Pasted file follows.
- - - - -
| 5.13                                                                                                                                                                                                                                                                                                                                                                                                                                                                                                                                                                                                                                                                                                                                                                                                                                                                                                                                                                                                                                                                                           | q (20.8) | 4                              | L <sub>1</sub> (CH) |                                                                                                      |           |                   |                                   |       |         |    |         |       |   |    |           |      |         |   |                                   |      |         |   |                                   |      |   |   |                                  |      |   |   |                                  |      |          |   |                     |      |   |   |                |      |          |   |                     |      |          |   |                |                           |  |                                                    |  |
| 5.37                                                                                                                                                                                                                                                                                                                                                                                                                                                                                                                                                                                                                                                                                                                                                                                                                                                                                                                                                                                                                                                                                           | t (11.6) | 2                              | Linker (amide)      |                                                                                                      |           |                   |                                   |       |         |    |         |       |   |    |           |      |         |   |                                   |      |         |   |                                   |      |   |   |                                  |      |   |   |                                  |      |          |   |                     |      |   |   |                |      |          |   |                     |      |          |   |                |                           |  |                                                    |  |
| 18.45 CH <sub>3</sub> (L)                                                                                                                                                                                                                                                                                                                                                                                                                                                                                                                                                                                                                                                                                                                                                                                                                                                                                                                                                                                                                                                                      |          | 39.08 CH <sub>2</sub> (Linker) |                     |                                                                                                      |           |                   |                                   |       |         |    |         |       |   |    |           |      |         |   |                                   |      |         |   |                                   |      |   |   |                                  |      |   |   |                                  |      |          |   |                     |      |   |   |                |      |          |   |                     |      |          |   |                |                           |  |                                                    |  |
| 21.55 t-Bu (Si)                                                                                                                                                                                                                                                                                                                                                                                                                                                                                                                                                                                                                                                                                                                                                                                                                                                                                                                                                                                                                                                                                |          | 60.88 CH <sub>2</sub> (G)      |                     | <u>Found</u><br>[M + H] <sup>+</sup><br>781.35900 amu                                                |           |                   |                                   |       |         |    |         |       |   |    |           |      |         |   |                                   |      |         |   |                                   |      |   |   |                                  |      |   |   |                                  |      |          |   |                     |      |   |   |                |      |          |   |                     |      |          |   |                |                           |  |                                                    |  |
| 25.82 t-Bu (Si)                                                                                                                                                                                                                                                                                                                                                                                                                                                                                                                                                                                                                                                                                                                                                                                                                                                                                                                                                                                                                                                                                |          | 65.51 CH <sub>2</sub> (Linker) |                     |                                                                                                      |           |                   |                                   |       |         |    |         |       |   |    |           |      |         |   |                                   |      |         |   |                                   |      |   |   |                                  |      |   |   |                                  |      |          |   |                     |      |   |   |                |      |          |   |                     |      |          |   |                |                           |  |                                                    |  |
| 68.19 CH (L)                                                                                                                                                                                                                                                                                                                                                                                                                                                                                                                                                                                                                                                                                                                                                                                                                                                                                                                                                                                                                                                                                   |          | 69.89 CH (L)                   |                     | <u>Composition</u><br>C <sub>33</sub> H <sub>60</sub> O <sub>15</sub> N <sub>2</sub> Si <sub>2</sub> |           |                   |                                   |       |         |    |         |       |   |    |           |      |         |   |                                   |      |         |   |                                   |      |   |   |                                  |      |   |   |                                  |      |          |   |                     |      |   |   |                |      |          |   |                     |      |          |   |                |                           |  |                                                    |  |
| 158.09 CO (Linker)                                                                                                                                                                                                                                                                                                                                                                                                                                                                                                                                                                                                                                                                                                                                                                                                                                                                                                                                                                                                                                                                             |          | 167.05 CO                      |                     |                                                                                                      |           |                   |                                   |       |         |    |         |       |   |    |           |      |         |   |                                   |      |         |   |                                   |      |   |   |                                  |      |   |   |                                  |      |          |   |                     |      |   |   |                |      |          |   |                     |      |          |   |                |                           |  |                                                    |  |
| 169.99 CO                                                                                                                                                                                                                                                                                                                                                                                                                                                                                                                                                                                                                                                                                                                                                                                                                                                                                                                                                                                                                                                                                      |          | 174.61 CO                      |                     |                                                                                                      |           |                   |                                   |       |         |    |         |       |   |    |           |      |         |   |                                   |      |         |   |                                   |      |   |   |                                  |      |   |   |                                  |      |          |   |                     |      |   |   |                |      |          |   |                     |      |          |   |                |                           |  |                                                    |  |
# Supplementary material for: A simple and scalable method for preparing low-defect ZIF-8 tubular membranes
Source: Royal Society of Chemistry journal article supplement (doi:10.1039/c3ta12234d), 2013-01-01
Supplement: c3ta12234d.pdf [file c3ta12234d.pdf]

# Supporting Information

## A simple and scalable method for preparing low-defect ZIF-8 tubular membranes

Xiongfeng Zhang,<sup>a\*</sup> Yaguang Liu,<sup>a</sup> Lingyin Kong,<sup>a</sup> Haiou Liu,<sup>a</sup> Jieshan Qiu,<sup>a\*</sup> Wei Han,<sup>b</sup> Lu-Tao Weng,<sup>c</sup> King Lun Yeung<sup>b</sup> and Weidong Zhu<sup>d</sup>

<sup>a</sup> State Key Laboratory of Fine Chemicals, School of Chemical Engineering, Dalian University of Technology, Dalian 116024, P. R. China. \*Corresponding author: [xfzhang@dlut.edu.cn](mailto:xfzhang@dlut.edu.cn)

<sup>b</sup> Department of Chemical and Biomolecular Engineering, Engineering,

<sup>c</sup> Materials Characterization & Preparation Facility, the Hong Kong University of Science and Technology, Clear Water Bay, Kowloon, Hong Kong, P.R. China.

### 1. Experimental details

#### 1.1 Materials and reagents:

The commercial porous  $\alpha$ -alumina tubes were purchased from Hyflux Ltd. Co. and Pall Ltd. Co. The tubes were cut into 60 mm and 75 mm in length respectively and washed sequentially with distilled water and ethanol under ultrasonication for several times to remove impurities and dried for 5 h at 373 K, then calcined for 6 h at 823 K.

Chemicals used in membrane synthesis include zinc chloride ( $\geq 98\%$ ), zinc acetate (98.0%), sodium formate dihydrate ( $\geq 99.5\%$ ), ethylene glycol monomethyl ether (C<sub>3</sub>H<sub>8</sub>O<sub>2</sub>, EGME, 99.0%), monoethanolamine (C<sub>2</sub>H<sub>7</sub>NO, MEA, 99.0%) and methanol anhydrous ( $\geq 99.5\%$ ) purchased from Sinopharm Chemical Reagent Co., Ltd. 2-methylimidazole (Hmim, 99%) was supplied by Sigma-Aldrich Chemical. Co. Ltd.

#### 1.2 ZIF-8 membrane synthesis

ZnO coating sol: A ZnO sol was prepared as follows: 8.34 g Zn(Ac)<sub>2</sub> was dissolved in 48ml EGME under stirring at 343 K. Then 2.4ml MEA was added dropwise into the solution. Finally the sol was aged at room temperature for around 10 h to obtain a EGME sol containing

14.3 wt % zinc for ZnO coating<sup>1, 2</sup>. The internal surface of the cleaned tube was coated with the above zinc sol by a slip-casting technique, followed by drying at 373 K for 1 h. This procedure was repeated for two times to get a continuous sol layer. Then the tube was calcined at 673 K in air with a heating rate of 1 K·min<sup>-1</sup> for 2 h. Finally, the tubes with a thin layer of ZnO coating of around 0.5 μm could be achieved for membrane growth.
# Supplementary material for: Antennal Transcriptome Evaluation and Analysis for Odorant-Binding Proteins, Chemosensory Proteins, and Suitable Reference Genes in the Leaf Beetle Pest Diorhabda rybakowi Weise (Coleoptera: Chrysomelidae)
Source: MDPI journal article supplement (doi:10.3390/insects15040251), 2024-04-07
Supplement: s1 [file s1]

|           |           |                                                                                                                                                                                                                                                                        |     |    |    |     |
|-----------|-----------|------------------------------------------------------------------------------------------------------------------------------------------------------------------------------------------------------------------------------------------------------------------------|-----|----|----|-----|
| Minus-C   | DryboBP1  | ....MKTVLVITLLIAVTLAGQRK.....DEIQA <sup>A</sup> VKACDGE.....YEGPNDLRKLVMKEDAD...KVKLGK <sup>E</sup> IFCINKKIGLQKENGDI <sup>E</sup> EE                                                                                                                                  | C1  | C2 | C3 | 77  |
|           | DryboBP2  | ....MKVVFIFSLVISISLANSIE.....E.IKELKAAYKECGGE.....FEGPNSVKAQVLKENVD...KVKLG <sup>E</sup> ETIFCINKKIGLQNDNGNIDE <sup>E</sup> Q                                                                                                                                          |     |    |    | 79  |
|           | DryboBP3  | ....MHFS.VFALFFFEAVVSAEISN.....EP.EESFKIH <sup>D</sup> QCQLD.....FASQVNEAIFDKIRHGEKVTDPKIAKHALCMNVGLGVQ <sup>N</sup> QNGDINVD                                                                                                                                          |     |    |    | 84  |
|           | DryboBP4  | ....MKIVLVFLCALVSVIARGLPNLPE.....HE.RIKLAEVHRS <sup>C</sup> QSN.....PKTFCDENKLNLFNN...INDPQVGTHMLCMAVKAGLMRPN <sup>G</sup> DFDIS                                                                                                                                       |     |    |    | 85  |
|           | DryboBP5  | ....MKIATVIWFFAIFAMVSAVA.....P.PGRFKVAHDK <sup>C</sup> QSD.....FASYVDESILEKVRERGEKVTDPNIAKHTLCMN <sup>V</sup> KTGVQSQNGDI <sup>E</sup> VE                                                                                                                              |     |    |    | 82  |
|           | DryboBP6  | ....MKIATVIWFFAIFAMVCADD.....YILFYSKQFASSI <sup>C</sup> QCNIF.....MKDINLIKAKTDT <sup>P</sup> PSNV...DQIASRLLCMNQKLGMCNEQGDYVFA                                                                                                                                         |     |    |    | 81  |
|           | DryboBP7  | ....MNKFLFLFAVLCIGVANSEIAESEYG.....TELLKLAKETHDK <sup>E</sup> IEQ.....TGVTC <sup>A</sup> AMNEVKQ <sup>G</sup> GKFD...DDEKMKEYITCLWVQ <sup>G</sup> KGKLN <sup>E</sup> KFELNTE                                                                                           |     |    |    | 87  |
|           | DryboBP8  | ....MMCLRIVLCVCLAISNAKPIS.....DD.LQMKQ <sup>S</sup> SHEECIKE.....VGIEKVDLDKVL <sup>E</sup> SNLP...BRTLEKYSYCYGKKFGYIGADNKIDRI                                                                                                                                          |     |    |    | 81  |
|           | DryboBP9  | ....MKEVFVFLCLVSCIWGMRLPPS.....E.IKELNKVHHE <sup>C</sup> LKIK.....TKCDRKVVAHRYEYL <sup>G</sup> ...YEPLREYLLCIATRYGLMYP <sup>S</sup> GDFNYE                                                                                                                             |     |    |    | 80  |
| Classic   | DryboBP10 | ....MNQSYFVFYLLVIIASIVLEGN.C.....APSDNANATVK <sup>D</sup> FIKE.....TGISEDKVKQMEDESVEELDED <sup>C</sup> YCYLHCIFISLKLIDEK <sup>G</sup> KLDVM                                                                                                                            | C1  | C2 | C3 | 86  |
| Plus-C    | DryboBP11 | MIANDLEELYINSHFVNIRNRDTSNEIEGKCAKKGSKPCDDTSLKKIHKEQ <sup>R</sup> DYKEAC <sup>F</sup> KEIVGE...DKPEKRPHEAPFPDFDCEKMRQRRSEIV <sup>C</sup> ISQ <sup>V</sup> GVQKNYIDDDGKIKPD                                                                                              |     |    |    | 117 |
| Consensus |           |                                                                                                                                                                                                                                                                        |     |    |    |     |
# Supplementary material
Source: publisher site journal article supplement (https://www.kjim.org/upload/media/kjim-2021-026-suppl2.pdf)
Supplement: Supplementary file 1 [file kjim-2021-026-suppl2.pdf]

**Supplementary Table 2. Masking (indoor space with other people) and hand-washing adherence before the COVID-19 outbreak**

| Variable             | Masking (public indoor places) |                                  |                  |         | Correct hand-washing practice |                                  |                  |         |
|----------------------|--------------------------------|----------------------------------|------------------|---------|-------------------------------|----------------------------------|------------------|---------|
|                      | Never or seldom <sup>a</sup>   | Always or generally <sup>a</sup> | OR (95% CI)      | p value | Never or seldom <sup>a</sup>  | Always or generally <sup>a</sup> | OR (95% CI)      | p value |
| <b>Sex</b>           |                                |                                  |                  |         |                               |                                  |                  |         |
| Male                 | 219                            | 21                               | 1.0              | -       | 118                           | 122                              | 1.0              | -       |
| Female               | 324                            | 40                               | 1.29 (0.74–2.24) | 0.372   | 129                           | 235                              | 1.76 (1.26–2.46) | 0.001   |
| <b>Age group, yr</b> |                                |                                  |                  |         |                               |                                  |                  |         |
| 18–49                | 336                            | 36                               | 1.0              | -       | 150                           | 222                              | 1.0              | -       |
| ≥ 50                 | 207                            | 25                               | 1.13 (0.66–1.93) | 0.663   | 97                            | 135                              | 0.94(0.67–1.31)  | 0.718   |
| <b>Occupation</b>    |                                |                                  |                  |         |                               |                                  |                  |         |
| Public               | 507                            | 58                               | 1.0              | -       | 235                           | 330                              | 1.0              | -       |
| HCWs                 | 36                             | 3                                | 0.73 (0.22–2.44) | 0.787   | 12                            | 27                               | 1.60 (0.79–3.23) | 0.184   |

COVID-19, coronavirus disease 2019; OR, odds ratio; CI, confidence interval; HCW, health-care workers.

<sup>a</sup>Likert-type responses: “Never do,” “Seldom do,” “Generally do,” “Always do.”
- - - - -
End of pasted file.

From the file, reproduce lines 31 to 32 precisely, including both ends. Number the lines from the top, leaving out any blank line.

|           | DryboBP2  | ....MKVVFIFSLVISISLANSIE.....E.IKELKAAYKECGGE.....FEGPNSVKAQVLKENVD...KVKLG <sup>E</sup> ETIFCINKKIGLQNDNGNIDE <sup>E</sup> Q                                                                                                                                          |     |    |    | 79  |
|           | DryboBP3  | ....MHFS.VFALFFFEAVVSAEISN.....EP.EESFKIH <sup>D</sup> QCQLD.....FASQVNEAIFDKIRHGEKVTDPKIAKHALCMNVGLGVQ <sup>N</sup> QNGDINVD                                                                                                                                          |     |    |    | 84  |